April 7 Pennsylvania COVID-19 Update
By Sunday April 5 at midnight, Pennsylvania had found another 1,470 new positive cases in the previous 24 hours, for a total of 1 2,980 in 66 counties. The death total rose to 162, with 12 on Sunday, all in adult patients. There were 70,874 negative tests in PA as of midnight Sunday night.
Percentages of those testing positive did not change significantly from Friday afternoon. Approximately 1,145 patients have been hospitalized since 3/6 ( 12% of the positive cases), and 51% were aged 65 or older.
The DoH is getting data three times a day from hospitals. As of noon, 51% of beds, 40% of ICU space and 70% of ventilators are still available. At that time, 533 patients had required use of ventilators or breathing machines.
Levine said the Commonwealth distributed 1.5 million N95 masks, 106,000 gowns, 710,000 procedure masks, 560,000 gloves, 990 goggles and 120,000 face shields to hospitals, EMS, senior agencies.
Health care workers constituted 588 of the total cases – roughly 5%, and approximately 14% of 695 nursing centers had reported at least one case.
Of the patients who tested positive to date the age breakdown is as follows: less than 1% are aged 0-4; less than 1% are aged 5-12; 1% are aged 13-18; 7% are aged 19-24; 42% are aged 25-49; 29% are aged 50-64; and 20% are aged 65 or older.
51% of the patients hospitalized are aged 65 or older, and 28% are aged 50-64. 19% are ages 25-49. Most of the deaths have occurred in patients 65 or older. There have been no pediatric deaths to date. More data is available here.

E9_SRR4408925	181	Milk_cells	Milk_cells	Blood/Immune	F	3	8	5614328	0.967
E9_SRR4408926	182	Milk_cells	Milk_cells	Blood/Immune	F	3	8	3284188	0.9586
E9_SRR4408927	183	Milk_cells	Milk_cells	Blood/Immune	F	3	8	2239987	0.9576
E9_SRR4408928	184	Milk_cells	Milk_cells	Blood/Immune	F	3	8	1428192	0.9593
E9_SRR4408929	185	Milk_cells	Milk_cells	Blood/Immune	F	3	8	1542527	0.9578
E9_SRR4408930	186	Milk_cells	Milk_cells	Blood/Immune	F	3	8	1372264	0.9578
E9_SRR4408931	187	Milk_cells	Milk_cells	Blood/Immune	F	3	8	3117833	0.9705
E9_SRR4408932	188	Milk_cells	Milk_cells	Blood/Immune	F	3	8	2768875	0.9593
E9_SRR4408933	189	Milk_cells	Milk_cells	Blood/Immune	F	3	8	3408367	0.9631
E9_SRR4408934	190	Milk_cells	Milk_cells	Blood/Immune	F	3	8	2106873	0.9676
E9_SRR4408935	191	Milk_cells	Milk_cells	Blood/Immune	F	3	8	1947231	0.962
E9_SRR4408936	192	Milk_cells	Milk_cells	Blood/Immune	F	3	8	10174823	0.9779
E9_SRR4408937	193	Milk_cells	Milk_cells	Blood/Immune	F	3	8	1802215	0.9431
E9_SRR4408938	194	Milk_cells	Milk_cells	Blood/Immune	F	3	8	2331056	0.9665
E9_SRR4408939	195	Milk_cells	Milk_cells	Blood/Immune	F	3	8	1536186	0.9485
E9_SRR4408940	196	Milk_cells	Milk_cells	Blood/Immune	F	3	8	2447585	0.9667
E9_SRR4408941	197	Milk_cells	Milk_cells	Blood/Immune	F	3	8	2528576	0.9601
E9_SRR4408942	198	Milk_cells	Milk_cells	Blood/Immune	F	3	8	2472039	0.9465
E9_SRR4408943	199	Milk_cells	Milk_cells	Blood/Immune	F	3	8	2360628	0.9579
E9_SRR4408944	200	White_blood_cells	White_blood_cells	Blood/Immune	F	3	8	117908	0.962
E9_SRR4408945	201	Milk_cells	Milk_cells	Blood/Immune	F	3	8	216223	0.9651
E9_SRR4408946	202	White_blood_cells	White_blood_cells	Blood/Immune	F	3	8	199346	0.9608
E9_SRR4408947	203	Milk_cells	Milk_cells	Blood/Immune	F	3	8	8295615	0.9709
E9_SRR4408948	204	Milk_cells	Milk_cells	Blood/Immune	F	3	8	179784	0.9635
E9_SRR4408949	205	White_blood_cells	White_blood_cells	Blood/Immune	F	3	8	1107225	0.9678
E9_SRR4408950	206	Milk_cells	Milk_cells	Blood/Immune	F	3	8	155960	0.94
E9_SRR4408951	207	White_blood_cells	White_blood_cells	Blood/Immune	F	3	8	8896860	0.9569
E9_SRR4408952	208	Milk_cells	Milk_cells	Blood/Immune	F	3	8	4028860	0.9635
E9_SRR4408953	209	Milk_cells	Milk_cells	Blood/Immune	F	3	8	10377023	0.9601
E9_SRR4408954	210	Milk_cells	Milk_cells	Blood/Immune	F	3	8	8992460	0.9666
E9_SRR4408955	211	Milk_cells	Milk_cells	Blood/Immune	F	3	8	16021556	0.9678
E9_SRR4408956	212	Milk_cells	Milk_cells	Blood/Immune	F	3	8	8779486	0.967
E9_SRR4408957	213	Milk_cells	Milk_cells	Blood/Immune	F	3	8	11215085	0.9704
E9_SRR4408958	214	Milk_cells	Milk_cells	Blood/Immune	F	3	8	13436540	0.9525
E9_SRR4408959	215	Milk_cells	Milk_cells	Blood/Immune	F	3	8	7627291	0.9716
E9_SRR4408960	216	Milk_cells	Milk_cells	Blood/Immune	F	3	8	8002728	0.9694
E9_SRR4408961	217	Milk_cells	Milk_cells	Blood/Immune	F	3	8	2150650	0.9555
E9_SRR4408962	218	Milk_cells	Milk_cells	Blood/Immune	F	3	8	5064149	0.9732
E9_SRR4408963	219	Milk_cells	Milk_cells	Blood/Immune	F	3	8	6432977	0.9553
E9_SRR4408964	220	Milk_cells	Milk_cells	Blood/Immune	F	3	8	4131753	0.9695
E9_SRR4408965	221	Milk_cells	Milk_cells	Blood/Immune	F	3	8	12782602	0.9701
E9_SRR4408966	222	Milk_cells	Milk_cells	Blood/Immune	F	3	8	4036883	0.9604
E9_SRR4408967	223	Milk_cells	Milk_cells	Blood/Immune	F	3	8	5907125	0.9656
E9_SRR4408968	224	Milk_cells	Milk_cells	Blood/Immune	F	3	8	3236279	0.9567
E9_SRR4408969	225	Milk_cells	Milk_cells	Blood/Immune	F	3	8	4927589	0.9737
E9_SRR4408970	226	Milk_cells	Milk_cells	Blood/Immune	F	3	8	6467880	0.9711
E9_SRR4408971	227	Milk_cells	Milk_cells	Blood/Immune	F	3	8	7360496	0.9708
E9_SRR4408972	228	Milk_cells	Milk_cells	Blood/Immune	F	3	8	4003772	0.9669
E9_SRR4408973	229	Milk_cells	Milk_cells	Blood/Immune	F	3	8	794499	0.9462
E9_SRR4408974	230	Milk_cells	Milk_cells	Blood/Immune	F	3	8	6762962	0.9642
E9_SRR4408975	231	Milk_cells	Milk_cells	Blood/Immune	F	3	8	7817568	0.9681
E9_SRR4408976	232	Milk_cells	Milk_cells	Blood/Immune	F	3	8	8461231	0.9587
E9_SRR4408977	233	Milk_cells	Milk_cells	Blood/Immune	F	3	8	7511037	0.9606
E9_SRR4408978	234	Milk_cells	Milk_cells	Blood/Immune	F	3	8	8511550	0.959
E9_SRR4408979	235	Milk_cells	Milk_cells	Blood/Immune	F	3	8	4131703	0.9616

Governor Wolf said that every state and country is looking to build supplies – while we continue to pursue by inward means. On Saturday Pennsylvania launched the manufacturing call to action portal to connect supply chains for needed equipment. He said the state is asking manufacturers to visit portal to see our needs, workforce gaps, and capabilities, etc. (See story below)
PA-ACP statement on COVID-19 and proposals to alter the existing Stay at Home and Business closure orders:
The PA-ACP is opposing legislative and state actions that are not evidence-based, and continues to advocate for strict social distancing until the peak of new cases has significantly passed and the risk of a resurgence in COVID-19 cases is minimized. The Chapter released the following statement to the General Assembly:
“The Pennsylvania Chapter of the American College of Physicians (PA-ACP) and its 7,800 members support evidence-based proposals that reasonably protect the health of Pennsylvanians and minimize viral spread.
The College is an advocate for strict social distancing until the peak of new cases has significantly passed and the risk of a resurgence in COVID-19 cases is minimized. Pennsylvania has been relatively strict on this front, and PA-ACP believes that this is not yet the time to relax those provisions. While we understand and appreciate the desire to reopen businesses and have life return to normal as rapidly as possible, we do not want to see a disease resurgence and strongly believe that any consideration of changing standards and guidance should be based on best practice recommendations based on current science.